Bayart on Contextual Identification

edgebayart“Historical experience shows that an individual’s act of identification is always contextual, multiple, and relative. For example, someone from Saint-Malo will define himself  as a resident of that town when dealing with someone from Rennes, as a Breton when dealing with someone from Paris, as French when dealing with some from Germany, as a European when dealing with an American, as White when dealing with an African, as a worker when dealing with his boss, as Catholic when dealing with a Protestant, as a husband when dealing with his wide, and as an ill person when dealing with his doctor. Each of these ‘identities’ is ‘presumed’, as Max Weber says of ethnicity, and may promote integration into a social group, for example into the political sphere, without itself alone founding such a group. As a corollary, none of these ‘identities’ exhausts the panoply of identities at an individual’s disposal.” (93)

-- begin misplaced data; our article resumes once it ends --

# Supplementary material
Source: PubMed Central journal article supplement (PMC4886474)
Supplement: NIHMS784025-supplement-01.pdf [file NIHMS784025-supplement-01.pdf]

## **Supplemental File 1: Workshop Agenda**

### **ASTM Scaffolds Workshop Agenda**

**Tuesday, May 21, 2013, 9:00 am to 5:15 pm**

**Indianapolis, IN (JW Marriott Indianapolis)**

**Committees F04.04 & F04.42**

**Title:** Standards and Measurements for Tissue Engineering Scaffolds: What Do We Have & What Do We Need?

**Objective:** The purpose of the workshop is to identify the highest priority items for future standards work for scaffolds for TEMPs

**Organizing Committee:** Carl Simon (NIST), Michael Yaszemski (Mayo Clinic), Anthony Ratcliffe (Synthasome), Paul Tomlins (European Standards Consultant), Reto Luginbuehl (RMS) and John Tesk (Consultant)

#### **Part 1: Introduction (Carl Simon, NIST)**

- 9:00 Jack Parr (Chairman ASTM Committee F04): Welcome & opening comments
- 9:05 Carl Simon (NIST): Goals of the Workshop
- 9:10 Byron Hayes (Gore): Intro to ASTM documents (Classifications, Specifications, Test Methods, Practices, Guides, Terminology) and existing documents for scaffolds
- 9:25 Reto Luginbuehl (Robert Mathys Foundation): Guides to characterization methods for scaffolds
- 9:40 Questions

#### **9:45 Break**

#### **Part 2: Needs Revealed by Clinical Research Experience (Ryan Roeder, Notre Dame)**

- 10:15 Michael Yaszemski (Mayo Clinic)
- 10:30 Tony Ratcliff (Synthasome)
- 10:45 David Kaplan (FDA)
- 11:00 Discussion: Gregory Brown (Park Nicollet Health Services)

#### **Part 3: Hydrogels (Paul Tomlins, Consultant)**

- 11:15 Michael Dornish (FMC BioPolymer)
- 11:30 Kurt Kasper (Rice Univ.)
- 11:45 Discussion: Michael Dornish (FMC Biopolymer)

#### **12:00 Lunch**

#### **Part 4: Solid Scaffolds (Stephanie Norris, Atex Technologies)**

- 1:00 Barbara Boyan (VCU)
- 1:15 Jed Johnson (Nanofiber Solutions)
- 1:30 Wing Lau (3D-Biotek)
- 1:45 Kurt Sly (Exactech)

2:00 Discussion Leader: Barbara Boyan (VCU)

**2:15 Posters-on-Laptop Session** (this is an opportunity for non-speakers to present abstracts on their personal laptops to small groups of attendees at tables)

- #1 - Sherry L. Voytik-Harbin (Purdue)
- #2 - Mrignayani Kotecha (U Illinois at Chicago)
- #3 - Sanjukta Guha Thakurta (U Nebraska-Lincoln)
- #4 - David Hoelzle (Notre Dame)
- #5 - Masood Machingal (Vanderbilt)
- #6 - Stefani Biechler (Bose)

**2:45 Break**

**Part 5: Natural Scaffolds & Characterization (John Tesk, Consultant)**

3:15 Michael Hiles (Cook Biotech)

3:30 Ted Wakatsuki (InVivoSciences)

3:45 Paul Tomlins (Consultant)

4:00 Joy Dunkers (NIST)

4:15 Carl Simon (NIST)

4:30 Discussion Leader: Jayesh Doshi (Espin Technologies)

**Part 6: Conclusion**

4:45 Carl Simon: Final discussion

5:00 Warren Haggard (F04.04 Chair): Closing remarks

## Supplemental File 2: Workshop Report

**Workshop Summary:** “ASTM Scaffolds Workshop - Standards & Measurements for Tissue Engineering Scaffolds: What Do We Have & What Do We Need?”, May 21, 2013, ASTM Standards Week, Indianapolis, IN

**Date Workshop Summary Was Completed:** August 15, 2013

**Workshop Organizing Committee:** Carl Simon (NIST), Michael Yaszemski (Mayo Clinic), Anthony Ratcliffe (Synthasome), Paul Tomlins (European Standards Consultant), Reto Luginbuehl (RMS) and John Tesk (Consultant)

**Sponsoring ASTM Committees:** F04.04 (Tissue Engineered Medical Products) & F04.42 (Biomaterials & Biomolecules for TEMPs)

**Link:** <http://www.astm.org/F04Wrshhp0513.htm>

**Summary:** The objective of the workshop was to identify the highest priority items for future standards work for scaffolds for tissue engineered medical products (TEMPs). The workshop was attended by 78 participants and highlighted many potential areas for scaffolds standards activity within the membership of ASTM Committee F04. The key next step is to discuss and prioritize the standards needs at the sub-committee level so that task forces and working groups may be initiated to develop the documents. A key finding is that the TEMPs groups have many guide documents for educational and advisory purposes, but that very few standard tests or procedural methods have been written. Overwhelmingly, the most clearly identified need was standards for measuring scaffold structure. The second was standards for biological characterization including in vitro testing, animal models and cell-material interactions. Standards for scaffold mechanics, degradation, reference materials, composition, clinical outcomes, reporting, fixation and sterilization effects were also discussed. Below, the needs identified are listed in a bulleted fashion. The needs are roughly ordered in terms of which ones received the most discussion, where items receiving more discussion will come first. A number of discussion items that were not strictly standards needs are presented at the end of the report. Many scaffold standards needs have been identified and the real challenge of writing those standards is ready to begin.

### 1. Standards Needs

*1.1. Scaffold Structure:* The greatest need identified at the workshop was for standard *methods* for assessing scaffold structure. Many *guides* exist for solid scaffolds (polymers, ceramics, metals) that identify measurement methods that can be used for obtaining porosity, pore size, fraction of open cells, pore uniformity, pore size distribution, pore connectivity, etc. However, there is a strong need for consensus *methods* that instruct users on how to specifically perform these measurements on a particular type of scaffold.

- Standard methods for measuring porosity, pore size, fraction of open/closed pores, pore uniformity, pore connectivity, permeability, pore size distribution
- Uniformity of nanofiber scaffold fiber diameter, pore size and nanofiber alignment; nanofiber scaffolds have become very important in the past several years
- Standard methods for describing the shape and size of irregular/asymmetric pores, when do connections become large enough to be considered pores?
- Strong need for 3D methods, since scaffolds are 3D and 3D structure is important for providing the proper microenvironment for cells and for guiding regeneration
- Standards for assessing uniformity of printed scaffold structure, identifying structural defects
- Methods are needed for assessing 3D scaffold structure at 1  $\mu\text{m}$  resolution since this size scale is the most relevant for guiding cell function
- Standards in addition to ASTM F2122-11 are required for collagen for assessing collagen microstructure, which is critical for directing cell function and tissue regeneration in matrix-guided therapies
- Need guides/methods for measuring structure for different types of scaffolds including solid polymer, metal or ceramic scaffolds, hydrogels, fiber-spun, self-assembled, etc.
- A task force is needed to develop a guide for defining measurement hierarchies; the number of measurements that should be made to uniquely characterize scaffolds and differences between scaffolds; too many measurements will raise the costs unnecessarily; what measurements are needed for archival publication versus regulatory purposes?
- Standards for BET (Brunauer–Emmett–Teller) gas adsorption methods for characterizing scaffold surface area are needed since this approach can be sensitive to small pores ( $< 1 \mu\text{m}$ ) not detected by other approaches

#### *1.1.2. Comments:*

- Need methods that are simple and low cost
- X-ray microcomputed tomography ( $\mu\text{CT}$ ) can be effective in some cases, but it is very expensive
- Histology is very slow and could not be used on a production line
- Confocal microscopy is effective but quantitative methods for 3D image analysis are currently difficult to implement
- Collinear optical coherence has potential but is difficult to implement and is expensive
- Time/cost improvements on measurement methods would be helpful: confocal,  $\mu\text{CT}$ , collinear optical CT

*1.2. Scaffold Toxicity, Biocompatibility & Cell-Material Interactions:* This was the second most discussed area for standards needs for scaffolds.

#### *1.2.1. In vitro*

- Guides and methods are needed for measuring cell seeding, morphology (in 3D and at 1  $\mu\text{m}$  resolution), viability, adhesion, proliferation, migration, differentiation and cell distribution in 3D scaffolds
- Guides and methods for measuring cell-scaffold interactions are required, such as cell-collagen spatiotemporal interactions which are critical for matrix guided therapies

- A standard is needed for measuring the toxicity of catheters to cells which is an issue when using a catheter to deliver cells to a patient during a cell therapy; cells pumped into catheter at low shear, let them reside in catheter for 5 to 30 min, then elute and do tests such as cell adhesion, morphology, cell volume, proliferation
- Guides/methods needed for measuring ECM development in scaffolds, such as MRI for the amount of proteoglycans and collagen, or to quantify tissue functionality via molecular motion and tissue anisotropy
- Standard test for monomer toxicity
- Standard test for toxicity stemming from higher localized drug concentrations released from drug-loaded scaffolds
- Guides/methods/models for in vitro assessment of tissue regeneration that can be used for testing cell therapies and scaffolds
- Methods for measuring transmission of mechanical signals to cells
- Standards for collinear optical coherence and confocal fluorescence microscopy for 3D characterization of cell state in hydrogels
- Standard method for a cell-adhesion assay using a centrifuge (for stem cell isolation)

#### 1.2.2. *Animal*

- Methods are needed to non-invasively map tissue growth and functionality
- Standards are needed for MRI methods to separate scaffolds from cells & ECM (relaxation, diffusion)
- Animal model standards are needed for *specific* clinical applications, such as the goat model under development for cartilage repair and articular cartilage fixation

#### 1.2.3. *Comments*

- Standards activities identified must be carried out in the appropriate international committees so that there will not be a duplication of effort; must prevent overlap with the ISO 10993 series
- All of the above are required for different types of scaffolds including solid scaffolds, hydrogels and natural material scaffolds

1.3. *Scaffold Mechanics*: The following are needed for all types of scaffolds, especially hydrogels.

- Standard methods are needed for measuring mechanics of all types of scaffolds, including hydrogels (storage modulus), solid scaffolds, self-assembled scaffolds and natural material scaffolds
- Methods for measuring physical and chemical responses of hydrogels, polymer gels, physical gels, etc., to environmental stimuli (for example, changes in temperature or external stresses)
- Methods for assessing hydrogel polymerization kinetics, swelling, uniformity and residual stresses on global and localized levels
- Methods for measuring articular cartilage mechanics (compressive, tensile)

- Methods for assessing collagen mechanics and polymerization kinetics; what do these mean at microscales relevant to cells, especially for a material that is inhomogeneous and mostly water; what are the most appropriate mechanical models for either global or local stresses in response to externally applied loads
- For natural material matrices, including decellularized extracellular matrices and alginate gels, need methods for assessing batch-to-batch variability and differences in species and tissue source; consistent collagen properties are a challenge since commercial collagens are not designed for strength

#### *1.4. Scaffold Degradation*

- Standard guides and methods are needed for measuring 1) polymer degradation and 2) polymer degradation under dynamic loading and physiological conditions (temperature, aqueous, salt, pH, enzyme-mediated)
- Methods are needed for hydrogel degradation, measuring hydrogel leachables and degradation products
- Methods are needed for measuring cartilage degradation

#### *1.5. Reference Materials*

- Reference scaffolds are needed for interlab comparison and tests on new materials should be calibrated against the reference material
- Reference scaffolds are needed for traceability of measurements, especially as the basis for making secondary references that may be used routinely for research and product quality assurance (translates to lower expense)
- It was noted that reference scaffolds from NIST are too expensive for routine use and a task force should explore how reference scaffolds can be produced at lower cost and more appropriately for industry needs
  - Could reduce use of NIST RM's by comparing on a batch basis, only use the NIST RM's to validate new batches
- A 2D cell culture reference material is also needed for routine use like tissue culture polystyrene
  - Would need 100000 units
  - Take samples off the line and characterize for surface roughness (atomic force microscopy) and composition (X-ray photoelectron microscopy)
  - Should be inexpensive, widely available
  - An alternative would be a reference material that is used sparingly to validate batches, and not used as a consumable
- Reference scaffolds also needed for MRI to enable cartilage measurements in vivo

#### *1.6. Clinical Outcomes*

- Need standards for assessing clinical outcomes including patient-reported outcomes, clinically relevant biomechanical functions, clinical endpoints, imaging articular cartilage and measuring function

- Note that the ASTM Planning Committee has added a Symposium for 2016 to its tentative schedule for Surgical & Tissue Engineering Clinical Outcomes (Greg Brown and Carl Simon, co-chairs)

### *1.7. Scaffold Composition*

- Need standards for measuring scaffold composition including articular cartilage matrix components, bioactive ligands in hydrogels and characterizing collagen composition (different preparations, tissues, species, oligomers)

edgefaces[This is one of an ongoing series of posts, quoting from Bayart’s The Illusion of Cultural Identity, that further documents the theoretical basis
on which Culture on the Edge is working.]


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